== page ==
My one quibble with the book as a whole is Koepp’s decision to basically anthropomorphize Cordyceps novus. Throughout he alludes to the fungus being a “good learner” and “enjoying the taste of human” and “knowing just who to call” regarding its symbiote. Folks, bacteria, viruses, fungi, etc. don’t possess higher brain function. Cordyceps is a remarkably nasty bugger and it does some weird shit, that’s definitely true, but it doesn’t do it because it’s thinking or applying learned knowledge and experience. I know that makes these things much less sexy to write about, because straight mutation and evolution aren’t nearly as exciting as a recognizable motivating impetus, but this got a little too goofy even for me. I think he kind of tips back a few times to say, oh obviously it wasn’t really thinking, but by that point you’ve done everything but make the thing emit a villainous cackle after it after it finds pure water, so it’s really too little too late. I know most readers and moviegoers are aware that these things don’t have brains, just like they’re aware that weather isn’t actually chasing them personally, but it’s still irritating and lazy and that alone keeps me from classifying this as sci-fi (the numerous plot holes keep it from being hard sci-fi, but those don’t make it unenjoyable).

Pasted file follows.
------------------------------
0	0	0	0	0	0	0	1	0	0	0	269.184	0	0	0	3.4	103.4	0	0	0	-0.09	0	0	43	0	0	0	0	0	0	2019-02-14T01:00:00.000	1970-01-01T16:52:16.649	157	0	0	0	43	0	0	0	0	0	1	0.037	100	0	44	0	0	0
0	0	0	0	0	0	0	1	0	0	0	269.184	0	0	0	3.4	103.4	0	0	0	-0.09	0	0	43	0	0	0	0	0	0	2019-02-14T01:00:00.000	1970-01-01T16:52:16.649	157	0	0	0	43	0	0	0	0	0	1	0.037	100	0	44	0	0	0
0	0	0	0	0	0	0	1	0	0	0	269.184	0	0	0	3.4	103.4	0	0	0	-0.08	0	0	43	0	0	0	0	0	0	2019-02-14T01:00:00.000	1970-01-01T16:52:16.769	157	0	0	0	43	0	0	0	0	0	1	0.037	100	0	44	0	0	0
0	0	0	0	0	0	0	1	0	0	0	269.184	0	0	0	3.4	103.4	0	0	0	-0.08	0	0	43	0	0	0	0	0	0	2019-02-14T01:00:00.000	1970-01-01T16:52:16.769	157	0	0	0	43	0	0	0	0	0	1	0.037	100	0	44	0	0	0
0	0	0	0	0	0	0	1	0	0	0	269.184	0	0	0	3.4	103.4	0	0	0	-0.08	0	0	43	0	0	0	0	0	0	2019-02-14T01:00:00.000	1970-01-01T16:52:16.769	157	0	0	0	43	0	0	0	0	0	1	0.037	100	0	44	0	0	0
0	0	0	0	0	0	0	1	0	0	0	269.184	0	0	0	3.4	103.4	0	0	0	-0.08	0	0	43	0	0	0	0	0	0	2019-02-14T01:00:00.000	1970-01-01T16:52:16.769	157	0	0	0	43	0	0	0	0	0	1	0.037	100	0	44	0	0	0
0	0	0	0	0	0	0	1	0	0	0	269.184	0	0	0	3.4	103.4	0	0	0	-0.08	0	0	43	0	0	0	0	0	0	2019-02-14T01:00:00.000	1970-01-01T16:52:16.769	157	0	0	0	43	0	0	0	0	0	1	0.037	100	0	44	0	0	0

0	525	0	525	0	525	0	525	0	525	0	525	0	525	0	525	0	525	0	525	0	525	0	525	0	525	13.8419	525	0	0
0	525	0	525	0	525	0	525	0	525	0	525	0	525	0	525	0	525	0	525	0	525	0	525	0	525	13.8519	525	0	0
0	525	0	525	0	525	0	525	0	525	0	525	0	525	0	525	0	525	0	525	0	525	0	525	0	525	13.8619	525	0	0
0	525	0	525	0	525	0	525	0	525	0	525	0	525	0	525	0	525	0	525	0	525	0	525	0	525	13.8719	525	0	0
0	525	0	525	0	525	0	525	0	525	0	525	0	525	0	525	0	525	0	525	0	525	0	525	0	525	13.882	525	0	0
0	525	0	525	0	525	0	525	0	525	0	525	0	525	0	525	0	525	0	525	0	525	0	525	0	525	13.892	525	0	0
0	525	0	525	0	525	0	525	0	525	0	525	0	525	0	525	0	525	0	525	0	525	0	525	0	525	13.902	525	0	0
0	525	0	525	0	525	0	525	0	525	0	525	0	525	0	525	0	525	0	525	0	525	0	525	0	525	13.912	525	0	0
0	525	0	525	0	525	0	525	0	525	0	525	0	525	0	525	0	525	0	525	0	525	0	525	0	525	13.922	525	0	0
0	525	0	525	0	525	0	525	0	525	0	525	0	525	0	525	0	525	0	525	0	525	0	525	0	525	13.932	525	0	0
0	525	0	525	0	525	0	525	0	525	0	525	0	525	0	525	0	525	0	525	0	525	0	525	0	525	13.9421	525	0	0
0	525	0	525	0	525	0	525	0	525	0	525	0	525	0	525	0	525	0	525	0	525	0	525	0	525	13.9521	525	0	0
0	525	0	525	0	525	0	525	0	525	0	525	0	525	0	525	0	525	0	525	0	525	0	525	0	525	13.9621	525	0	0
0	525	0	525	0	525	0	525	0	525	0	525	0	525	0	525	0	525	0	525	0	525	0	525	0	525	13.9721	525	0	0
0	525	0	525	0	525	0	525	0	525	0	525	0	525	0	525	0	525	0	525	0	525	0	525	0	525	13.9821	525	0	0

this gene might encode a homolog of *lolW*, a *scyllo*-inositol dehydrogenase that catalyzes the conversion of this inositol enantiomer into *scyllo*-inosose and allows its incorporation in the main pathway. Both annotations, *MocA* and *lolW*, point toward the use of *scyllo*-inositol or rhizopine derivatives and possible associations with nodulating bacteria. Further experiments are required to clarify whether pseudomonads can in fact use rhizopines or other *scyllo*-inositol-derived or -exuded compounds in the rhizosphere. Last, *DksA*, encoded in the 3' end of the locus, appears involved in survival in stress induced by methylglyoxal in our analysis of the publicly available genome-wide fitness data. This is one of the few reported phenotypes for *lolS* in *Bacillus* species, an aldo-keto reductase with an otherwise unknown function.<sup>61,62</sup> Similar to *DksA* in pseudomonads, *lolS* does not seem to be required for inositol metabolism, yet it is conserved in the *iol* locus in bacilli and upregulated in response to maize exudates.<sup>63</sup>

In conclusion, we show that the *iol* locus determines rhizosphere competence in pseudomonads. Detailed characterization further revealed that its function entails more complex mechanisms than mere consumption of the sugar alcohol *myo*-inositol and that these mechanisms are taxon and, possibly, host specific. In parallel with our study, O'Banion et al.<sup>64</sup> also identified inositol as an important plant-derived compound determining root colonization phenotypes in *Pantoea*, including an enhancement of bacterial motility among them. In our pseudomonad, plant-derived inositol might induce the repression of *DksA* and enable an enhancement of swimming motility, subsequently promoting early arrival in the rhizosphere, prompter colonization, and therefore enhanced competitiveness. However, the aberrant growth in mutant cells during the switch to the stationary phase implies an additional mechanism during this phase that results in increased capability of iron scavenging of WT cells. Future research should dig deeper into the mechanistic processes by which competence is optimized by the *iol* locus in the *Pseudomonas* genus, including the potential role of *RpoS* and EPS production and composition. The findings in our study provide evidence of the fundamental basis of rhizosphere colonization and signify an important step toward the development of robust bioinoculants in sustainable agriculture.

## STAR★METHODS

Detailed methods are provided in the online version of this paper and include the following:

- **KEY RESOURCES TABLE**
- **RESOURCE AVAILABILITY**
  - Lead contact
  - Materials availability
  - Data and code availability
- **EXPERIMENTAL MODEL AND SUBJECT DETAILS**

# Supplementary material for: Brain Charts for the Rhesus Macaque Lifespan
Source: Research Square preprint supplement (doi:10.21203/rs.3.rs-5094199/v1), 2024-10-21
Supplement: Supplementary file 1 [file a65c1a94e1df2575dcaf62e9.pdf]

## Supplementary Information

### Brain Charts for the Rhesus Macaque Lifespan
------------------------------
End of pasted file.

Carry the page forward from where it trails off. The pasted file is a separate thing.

For someone like me who enjoys disease books more than a normal person should but has a hard time getting into fiction, this was a good jumping off point. It was a fast read with decent characters and it wasn’t boring. It had a good blech factor. I’ve read some reviews that say it was written for 12 year olds and it just was too stupid, but I didn’t find that to be the case. It’s not the deepest book on the planet by any means, and it has quite a few plot holes, but for a fast read you could do worse. This is sort of like a book version of Pacific Rim: It’s kind of dumb but it’s good-natured as all hell and it moves so fast that you don’t notice a lot of the really silly stuff until it’s already zoomed past you. In fact, if he weren’t too old, Charlie Hunnam would be a pretty good Teacake.
And if you’re interested in the real Cordyceps, here‘s a pretty cool article I found related to The Last of Us on whether it could actually infect humans (short answer: not really).